The development of quantum computers poses different challenges for research and society today: On the one hand, the technical feasibility of development and, on the other hand, the possible global impact on digital security.
1. Technical challenges of quantum computers
One of the greatest challenges for scientists lies in the basic technical conditions for making the computing power of a quantum computer usable or controllable in the first place. This is due to the extreme sensitivity of qubits: even the slightest external impact can cause them to lose their specific quantum characteristics. Vibrations, magnetic and electric fields, light, temperatures and many other external influences cause errors and can destroy the computing process. In order to keep the qubits stable, they must be well shielded, but it must also be possible to manipulate them to be able to perform a calculation at all. This is like squaring a circle. To achieve this, superconducting qubits, for example, are cooled to temperatures close to absolute zero of –273.15°C and shielded several times from the environment; but even then, this qubit species only ever remains stable for fractions of a second – a minimal time period during which calculations have to take place.
Other qubit technologies such as ions, on the other hand, are much more stable and retain their properties over minutes or even hours, but they take much longer for a single computing step. The main focus of current development is:
- Reducing the susceptibility to errors, e.g., by merging many qubits into a stable “logical” qubit.
- A significant increase in the number of qubits – which, however, usually increases the susceptibility to errors again.
And of course, there is no established software for something that does not yet exist. Quantum computers function with completely different laws than today’s computers, which leads to completely new challenges for the software. At this point quantum algorithms are a field that is often overlooked. The fantastic ability of a quantum computer to calculate simultaneously on an unbelievably large number of states is not so easy to use beyond theory. The goal of a calculation is the correct result. But if all the states of the quantum computer had to be read out for this, not much would be gained, because it is a huge number. Therefore, specific algorithms are needed to ensure that only the correct state with the greatest probability remains at the end of a calculation. This is a task that has so far only been solved for a manageable number of problems.
These challenges make it clear how far quantum computers are from being used in our everyday lives.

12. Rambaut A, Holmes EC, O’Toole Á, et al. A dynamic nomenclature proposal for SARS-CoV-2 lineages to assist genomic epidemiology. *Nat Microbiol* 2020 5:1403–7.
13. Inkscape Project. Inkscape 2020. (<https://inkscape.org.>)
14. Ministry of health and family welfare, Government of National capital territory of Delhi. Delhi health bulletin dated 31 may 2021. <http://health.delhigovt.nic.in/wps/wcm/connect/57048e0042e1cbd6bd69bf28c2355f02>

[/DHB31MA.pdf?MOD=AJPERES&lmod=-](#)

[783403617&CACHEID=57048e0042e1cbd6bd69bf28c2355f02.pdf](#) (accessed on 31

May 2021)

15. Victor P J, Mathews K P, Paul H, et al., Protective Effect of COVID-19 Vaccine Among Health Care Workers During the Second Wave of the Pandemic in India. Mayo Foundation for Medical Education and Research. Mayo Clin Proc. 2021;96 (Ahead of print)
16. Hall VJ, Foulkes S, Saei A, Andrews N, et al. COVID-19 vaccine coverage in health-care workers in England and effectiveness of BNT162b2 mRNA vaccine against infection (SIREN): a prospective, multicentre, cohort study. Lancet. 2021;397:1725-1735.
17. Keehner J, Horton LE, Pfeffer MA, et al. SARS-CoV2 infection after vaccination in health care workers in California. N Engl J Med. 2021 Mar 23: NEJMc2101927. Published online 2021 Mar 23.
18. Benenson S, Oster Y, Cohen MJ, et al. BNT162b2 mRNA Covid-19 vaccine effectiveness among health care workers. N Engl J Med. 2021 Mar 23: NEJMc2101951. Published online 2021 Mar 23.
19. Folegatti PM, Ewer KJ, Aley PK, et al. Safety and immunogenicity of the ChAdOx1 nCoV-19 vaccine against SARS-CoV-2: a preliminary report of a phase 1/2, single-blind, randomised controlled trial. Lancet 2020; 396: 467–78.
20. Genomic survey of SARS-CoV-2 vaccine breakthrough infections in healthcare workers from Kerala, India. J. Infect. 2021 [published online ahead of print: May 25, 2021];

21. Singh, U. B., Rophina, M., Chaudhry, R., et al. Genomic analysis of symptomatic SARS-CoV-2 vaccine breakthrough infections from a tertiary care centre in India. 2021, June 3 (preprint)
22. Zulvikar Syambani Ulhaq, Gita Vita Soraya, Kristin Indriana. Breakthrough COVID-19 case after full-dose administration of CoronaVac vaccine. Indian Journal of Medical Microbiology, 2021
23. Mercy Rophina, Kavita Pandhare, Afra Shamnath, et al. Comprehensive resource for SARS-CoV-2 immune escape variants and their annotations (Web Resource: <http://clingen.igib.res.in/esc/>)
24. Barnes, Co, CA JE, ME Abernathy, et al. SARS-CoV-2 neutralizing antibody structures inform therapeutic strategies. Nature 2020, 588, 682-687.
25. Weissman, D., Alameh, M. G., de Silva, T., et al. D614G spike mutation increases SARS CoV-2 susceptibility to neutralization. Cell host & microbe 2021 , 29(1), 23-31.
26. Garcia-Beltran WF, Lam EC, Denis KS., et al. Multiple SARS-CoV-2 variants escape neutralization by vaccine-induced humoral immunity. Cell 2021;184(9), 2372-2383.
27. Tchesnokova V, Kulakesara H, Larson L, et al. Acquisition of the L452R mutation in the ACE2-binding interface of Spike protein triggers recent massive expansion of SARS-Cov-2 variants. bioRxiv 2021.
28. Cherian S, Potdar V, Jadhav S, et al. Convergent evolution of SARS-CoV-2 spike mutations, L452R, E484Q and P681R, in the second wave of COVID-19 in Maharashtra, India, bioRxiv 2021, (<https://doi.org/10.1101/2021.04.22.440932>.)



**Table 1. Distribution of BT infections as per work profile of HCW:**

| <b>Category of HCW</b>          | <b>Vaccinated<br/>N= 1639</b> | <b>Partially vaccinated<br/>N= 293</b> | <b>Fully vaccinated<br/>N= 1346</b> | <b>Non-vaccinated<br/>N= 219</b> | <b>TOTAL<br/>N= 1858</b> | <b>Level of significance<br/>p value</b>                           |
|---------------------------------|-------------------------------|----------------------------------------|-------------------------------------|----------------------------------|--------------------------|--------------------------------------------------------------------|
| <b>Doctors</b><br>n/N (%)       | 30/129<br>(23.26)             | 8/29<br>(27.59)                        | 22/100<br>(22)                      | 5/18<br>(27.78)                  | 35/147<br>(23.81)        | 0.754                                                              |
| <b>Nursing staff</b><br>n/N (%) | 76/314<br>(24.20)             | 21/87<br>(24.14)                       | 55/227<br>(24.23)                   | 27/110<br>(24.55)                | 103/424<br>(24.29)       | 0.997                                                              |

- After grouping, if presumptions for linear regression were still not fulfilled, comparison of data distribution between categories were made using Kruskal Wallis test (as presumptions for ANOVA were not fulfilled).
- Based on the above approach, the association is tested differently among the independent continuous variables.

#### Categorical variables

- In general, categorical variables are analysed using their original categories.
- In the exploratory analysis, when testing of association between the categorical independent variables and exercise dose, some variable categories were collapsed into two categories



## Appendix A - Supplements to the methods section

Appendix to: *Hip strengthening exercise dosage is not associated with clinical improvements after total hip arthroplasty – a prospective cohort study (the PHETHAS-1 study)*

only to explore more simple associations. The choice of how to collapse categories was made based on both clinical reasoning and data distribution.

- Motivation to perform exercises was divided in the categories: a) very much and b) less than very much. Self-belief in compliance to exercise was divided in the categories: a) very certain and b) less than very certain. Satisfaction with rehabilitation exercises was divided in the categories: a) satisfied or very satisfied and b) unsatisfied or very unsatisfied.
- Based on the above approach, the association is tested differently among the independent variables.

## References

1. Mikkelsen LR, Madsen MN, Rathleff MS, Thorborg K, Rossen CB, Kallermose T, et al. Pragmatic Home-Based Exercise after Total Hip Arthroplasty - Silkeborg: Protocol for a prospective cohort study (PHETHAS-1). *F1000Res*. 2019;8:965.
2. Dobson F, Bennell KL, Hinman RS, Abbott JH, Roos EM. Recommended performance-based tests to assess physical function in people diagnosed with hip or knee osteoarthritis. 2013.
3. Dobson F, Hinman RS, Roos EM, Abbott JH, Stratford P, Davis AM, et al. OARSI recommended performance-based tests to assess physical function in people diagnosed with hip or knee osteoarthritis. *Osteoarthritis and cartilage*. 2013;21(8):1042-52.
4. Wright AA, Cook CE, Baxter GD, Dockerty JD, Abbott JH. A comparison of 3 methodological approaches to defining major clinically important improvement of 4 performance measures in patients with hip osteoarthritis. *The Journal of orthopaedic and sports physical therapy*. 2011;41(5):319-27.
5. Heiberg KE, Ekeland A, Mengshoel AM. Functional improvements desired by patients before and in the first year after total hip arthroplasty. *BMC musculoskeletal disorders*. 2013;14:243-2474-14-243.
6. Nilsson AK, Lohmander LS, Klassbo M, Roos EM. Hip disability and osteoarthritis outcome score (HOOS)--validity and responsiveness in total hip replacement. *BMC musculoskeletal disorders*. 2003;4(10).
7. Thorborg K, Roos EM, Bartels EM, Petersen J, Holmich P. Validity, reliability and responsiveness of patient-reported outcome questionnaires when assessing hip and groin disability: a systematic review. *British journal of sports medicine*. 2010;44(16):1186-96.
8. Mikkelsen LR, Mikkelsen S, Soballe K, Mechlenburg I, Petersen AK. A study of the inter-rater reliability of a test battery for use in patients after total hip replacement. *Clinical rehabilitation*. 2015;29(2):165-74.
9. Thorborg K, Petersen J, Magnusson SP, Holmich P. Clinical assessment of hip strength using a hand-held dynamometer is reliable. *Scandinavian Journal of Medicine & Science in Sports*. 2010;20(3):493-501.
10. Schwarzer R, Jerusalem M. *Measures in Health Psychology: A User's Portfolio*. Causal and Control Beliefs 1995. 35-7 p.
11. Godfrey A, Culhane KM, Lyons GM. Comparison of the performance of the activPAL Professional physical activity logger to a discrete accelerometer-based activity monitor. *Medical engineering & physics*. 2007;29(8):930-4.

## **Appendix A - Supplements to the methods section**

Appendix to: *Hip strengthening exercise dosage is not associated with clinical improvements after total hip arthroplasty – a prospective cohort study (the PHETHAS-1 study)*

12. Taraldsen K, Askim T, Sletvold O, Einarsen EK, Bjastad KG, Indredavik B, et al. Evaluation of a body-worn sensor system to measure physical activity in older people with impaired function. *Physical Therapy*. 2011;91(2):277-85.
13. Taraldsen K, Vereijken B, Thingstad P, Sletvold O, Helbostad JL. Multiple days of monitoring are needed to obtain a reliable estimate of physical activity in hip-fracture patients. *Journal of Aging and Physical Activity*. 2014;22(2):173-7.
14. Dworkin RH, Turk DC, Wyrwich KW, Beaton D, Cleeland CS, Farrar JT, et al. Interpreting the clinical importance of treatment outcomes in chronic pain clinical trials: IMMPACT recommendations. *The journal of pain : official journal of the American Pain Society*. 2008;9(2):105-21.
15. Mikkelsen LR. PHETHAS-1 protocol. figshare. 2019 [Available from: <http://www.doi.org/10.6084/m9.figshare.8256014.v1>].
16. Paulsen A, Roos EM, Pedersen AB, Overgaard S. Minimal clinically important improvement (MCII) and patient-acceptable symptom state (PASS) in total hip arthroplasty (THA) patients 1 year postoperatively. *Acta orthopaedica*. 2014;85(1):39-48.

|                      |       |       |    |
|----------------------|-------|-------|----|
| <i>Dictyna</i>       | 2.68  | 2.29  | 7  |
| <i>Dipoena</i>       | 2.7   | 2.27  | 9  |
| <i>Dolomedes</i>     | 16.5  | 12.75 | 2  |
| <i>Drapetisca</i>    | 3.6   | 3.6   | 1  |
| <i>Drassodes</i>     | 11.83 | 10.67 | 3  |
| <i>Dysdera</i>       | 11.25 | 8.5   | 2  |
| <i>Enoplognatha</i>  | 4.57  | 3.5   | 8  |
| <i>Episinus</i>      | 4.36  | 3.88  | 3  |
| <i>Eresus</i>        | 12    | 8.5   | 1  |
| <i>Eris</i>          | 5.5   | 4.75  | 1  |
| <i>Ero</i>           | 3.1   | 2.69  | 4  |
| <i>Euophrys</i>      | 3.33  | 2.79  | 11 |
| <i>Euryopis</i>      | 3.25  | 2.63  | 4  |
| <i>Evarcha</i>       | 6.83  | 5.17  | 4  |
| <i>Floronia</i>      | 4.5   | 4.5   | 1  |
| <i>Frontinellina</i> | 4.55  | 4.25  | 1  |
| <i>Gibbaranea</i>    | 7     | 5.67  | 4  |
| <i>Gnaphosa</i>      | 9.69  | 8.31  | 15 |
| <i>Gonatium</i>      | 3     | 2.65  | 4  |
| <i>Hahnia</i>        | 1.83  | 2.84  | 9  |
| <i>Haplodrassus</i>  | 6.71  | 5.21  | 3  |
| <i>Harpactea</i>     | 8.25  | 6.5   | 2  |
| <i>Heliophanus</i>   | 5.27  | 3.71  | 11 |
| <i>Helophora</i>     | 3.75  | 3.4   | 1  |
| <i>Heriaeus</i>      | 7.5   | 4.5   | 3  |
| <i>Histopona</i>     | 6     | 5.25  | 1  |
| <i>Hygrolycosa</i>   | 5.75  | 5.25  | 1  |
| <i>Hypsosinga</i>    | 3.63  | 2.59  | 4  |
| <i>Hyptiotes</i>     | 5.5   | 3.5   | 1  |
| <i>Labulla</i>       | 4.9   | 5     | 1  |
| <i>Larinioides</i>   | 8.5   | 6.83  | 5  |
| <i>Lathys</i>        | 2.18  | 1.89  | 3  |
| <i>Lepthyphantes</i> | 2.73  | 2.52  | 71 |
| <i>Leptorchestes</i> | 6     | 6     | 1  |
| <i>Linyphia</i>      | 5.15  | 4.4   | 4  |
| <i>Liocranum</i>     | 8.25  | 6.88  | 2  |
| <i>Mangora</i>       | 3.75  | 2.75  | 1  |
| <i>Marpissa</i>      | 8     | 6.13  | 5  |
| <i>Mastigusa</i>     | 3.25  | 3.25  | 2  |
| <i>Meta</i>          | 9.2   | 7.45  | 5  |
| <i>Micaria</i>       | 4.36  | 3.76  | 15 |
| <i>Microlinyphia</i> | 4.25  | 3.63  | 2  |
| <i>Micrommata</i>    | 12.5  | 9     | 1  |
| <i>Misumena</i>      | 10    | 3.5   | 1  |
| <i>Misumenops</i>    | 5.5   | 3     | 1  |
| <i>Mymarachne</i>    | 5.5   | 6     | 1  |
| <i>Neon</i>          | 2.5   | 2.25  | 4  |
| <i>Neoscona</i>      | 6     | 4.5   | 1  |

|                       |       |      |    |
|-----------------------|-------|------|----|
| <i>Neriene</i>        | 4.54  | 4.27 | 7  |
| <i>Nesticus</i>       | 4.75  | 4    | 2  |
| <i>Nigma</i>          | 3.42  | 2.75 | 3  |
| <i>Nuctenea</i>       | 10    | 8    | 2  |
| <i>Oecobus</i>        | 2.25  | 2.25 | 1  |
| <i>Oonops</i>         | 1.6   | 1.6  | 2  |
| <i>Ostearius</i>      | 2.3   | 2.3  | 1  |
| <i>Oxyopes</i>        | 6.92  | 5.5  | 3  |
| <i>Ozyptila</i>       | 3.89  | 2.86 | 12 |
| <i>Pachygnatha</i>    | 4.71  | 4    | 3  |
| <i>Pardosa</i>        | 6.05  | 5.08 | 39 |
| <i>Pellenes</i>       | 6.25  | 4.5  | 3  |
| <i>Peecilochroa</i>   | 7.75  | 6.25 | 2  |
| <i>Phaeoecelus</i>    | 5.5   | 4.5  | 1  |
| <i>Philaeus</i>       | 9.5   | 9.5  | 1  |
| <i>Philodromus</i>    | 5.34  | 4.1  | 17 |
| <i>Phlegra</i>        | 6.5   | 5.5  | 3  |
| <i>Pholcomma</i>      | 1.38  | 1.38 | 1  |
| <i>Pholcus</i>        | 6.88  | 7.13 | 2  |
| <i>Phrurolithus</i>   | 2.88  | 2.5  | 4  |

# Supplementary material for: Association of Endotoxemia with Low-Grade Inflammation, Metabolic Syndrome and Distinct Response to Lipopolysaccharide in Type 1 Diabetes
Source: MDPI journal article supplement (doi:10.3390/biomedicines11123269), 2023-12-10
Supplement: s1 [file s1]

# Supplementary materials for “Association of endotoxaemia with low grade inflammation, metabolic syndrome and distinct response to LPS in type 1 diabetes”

2. The challenge of digital security through quantum computers
In addition to the technically demanding basic requirements for the development of quantum computers and their application, society will also have to adapt to the capabilities of this technology as soon as quantum computers can be used on a larger scale. For it is precisely in the area of encryption, and thus digital security, that special challenges can arise in both the private and professional spheres.
“The digital lockpick of the future” – that could be a headline when it comes to quantum computers and their ability to crack widespread encryption systems in use today. The crypto procedures that make surfing the net secure today must be strengthened in the future and be able to withstand the computations of quantum computers. And also, because supercomputers are becoming more and more powerful, and today’s encryption methods are only secure because it is simply computationally too intense to decrypt them over several years.
Quantum computers can crack older systems in the future. However, only if the older systems remain old and are not replaced by new encryption methods. This is what post-quantum cryptography is working on, researching quantum-safe encryption methods. As a pioneer, Infineon is actively pushing this research– you can read more about it in our article on post-quantum cryptography.
Edward Snowden’s revelations in 2014 showed just how great the interest can be: the National Security Agency (NSA) was already conducting intense research on the use of quantum computers in cryptography. Post-quantum cryptography is already displaying initial solutions and successes for these challenges. As with conventional computers, it is up to us humans to decide what potential quantum computers will develop in the future and what they will be used for.
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